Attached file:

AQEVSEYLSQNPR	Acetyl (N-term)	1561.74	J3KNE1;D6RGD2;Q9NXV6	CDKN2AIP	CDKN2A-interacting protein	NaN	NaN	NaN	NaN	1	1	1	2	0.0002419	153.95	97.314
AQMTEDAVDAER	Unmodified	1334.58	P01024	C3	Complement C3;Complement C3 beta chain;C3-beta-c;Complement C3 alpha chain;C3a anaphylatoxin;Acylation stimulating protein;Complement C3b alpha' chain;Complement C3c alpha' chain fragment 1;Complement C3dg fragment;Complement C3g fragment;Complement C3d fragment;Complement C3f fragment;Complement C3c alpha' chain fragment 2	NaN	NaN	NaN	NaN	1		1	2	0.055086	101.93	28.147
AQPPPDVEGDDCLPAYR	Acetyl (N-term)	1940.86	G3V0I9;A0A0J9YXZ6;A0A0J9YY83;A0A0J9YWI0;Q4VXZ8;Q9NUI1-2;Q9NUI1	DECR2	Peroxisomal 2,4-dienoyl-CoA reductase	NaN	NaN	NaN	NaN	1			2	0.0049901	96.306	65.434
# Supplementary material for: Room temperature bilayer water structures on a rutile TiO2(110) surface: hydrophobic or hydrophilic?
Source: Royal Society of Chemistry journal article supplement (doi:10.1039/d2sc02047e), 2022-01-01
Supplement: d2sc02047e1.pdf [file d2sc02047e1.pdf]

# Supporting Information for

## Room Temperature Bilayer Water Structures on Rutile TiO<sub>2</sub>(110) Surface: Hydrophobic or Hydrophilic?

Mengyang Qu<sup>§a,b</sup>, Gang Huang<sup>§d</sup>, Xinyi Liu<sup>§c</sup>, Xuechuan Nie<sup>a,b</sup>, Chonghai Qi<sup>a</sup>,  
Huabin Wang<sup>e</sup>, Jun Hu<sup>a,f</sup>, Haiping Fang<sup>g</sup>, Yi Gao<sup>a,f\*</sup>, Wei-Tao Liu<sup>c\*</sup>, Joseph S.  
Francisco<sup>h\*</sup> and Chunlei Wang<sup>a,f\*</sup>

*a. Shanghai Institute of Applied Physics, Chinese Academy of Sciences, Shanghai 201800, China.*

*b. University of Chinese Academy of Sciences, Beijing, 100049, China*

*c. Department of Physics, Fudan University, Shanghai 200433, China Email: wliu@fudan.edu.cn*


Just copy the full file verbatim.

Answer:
AQEVSEYLSQNPR	Acetyl (N-term)	1561.74	J3KNE1;D6RGD2;Q9NXV6	CDKN2AIP	CDKN2A-interacting protein	NaN	NaN	NaN	NaN	1	1	1	2	0.0002419	153.95	97.314
AQMTEDAVDAER	Unmodified	1334.58	P01024	C3	Complement C3;Complement C3 beta chain;C3-beta-c;Complement C3 alpha chain;C3a anaphylatoxin;Acylation stimulating protein;Complement C3b alpha' chain;Complement C3c alpha' chain fragment 1;Complement C3dg fragment;Complement C3g fragment;Complement C3d fragment;Complement C3f fragment;Complement C3c alpha' chain fragment 2	NaN	NaN	NaN	NaN	1		1	2	0.055086	101.93	28.147
AQPPPDVEGDDCLPAYR	Acetyl (N-term)	1940.86	G3V0I9;A0A0J9YXZ6;A0A0J9YY83;A0A0J9YWI0;Q4VXZ8;Q9NUI1-2;Q9NUI1	DECR2	Peroxisomal 2,4-dienoyl-CoA reductase	NaN	NaN	NaN	NaN	1			2	0.0049901	96.306	65.434
# Supplementary material for: Room temperature bilayer water structures on a rutile TiO2(110) surface: hydrophobic or hydrophilic?
Source: Royal Society of Chemistry journal article supplement (doi:10.1039/d2sc02047e), 2022-01-01
Supplement: d2sc02047e1.pdf [file d2sc02047e1.pdf]

# Supporting Information for

## Room Temperature Bilayer Water Structures on Rutile TiO<sub>2</sub>(110) Surface: Hydrophobic or Hydrophilic?

Mengyang Qu<sup>§a,b</sup>, Gang Huang<sup>§d</sup>, Xinyi Liu<sup>§c</sup>, Xuechuan Nie<sup>a,b</sup>, Chonghai Qi<sup>a</sup>,  
Huabin Wang<sup>e</sup>, Jun Hu<sup>a,f</sup>, Haiping Fang<sup>g</sup>, Yi Gao<sup>a,f\*</sup>, Wei-Tao Liu<sup>c\*</sup>, Joseph S.  
Francisco<sup>h\*</sup> and Chunlei Wang<sup>a,f\*</sup>

*a. Shanghai Institute of Applied Physics, Chinese Academy of Sciences, Shanghai 201800, China.*

*b. University of Chinese Academy of Sciences, Beijing, 100049, China*

*c. Department of Physics, Fudan University, Shanghai 200433, China Email: wliu@fudan.edu.cn*